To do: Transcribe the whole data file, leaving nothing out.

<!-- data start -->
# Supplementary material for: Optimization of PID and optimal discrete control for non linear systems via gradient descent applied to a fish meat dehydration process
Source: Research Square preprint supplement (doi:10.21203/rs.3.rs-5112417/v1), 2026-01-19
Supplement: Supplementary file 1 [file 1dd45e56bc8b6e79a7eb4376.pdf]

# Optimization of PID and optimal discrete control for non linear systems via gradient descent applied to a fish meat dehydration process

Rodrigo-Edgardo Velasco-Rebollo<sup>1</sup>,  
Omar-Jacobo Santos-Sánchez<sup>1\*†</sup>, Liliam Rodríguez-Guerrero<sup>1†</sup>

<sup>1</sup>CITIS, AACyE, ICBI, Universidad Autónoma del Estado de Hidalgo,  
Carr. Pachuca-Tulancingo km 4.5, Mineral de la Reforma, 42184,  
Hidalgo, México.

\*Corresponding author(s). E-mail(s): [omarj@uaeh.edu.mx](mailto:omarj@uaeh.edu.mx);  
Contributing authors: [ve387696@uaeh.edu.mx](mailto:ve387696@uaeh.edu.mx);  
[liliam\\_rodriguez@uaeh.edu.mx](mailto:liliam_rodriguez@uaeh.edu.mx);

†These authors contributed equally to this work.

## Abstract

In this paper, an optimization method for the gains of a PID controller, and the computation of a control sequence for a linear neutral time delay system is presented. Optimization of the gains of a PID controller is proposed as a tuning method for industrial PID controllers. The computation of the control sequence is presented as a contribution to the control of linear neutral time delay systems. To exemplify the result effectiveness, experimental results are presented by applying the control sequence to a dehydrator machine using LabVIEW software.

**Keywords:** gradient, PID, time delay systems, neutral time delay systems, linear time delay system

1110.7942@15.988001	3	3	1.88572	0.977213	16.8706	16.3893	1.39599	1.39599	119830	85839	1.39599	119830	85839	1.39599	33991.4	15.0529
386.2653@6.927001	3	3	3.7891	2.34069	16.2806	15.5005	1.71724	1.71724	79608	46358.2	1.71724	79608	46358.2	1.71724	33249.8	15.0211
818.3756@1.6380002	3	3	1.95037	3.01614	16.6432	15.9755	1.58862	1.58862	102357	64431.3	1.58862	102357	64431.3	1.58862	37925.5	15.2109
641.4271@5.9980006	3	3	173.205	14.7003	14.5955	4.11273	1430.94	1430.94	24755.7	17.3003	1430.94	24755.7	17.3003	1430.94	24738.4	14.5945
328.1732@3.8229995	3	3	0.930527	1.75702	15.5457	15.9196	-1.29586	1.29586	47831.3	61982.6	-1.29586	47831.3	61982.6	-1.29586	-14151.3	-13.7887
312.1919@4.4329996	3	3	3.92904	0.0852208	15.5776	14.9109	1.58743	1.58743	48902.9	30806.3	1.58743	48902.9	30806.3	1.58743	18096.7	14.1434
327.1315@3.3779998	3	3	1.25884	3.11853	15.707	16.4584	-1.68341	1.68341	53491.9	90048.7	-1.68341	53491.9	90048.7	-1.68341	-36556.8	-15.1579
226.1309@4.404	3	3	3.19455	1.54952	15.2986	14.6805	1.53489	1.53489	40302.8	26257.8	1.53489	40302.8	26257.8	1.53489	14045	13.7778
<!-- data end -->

# Supplementary material for: Optimization of PID and optimal discrete control for non linear systems via gradient descent applied to a fish meat dehydration process
Source: Research Square preprint supplement (doi:10.21203/rs.3.rs-5112417/v1), 2026-01-19
Supplement: Supplementary file 1 [file 1dd45e56bc8b6e79a7eb4376.pdf]

# Optimization of PID and optimal discrete control for non linear systems via gradient descent applied to a fish meat dehydration process

Rodrigo-Edgardo Velasco-Rebollo<sup>1</sup>,  
Omar-Jacobo Santos-Sánchez<sup>1\*†</sup>, Liliam Rodríguez-Guerrero<sup>1†</sup>

<sup>1</sup>CITIS, AACyE, ICBI, Universidad Autónoma del Estado de Hidalgo,  
Carr. Pachuca-Tulancingo km 4.5, Mineral de la Reforma, 42184,  
Hidalgo, México.

\*Corresponding author(s). E-mail(s): [omarj@uaeh.edu.mx](mailto:omarj@uaeh.edu.mx);  
Contributing authors: [ve387696@uaeh.edu.mx](mailto:ve387696@uaeh.edu.mx);  
[liliam\\_rodriguez@uaeh.edu.mx](mailto:liliam_rodriguez@uaeh.edu.mx);

†These authors contributed equally to this work.

## Abstract

In this paper, an optimization method for the gains of a PID controller, and the computation of a control sequence for a linear neutral time delay system is presented. Optimization of the gains of a PID controller is proposed as a tuning method for industrial PID controllers. The computation of the control sequence is presented as a contribution to the control of linear neutral time delay systems. To exemplify the result effectiveness, experimental results are presented by applying the control sequence to a dehydrator machine using LabVIEW software.

**Keywords:** gradient, PID, time delay systems, neutral time delay systems, linear time delay system

1110.7942@15.988001	3	3	1.88572	0.977213	16.8706	16.3893	1.39599	1.39599	119830	85839	1.39599	119830	85839	1.39599	33991.4	15.0529
386.2653@6.927001	3	3	3.7891	2.34069	16.2806	15.5005	1.71724	1.71724	79608	46358.2	1.71724	79608	46358.2	1.71724	33249.8	15.0211
818.3756@1.6380002	3	3	1.95037	3.01614	16.6432	15.9755	1.58862	1.58862	102357	64431.3	1.58862	102357	64431.3	1.58862	37925.5	15.2109
641.4271@5.9980006	3	3	173.205	14.7003	14.5955	4.11273	1430.94	1430.94	24755.7	17.3003	1430.94	24755.7	17.3003	1430.94	24738.4	14.5945
328.1732@3.8229995	3	3	0.930527	1.75702	15.5457	15.9196	-1.29586	1.29586	47831.3	61982.6	-1.29586	47831.3	61982.6	-1.29586	-14151.3	-13.7887
312.1919@4.4329996	3	3	3.92904	0.0852208	15.5776	14.9109	1.58743	1.58743	48902.9	30806.3	1.58743	48902.9	30806.3	1.58743	18096.7	14.1434
327.1315@3.3779998	3	3	1.25884	3.11853	15.707	16.4584	-1.68341	1.68341	53491.9	90048.7	-1.68341	53491.9	90048.7	-1.68341	-36556.8	-15.1579
226.1309@4.404	3	3	3.19455	1.54952	15.2986	14.6805	1.53489	1.53489	40302.8	26257.8	1.53489	40302.8	26257.8	1.53489	14045	13.7778